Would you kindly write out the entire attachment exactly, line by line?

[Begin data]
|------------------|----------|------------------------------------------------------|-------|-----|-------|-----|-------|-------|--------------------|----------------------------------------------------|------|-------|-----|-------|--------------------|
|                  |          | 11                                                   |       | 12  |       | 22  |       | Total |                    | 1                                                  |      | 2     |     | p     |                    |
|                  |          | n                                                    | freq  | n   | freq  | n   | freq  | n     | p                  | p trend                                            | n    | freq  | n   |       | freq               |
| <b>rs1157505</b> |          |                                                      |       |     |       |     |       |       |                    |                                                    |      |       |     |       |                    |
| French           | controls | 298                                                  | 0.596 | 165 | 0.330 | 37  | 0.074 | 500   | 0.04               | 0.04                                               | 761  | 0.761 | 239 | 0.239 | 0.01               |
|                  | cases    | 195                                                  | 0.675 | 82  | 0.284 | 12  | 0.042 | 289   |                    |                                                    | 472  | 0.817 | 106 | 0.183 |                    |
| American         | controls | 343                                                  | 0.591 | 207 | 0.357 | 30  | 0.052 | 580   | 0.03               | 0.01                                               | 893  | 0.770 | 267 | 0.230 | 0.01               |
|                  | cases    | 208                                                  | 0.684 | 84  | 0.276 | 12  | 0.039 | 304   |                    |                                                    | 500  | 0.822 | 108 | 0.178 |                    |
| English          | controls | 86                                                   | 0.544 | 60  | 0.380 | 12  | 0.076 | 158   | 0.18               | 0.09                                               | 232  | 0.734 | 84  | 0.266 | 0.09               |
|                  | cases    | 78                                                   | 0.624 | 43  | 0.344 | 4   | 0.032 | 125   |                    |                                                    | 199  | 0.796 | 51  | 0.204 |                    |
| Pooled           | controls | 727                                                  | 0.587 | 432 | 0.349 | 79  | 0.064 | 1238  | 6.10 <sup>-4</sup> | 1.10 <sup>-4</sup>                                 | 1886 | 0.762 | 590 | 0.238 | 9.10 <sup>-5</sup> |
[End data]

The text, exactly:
|------------------|----------|------------------------------------------------------|-------|-----|-------|-----|-------|-------|--------------------|----------------------------------------------------|------|-------|-----|-------|--------------------|
|                  |          | 11                                                   |       | 12  |       | 22  |       | Total |                    | 1                                                  |      | 2     |     | p     |                    |
|                  |          | n                                                    | freq  | n   | freq  | n   | freq  | n     | p                  | p trend                                            | n    | freq  | n   |       | freq               |
| <b>rs1157505</b> |          |                                                      |       |     |       |     |       |       |                    |                                                    |      |       |     |       |                    |
| French           | controls | 298                                                  | 0.596 | 165 | 0.330 | 37  | 0.074 | 500   | 0.04               | 0.04                                               | 761  | 0.761 | 239 | 0.239 | 0.01               |
|                  | cases    | 195                                                  | 0.675 | 82  | 0.284 | 12  | 0.042 | 289   |                    |                                                    | 472  | 0.817 | 106 | 0.183 |                    |
| American         | controls | 343                                                  | 0.591 | 207 | 0.357 | 30  | 0.052 | 580   | 0.03               | 0.01                                               | 893  | 0.770 | 267 | 0.230 | 0.01               |
|                  | cases    | 208                                                  | 0.684 | 84  | 0.276 | 12  | 0.039 | 304   |                    |                                                    | 500  | 0.822 | 108 | 0.178 |                    |
| English          | controls | 86                                                   | 0.544 | 60  | 0.380 | 12  | 0.076 | 158   | 0.18               | 0.09                                               | 232  | 0.734 | 84  | 0.266 | 0.09               |
|                  | cases    | 78                                                   | 0.624 | 43  | 0.344 | 4   | 0.032 | 125   |                    |                                                    | 199  | 0.796 | 51  | 0.204 |                    |
| Pooled           | controls | 727                                                  | 0.587 | 432 | 0.349 | 79  | 0.064 | 1238  | 6.10 <sup>-4</sup> | 1.10 <sup>-4</sup>                                 | 1886 | 0.762 | 590 | 0.238 | 9.10 <sup>-5</sup> |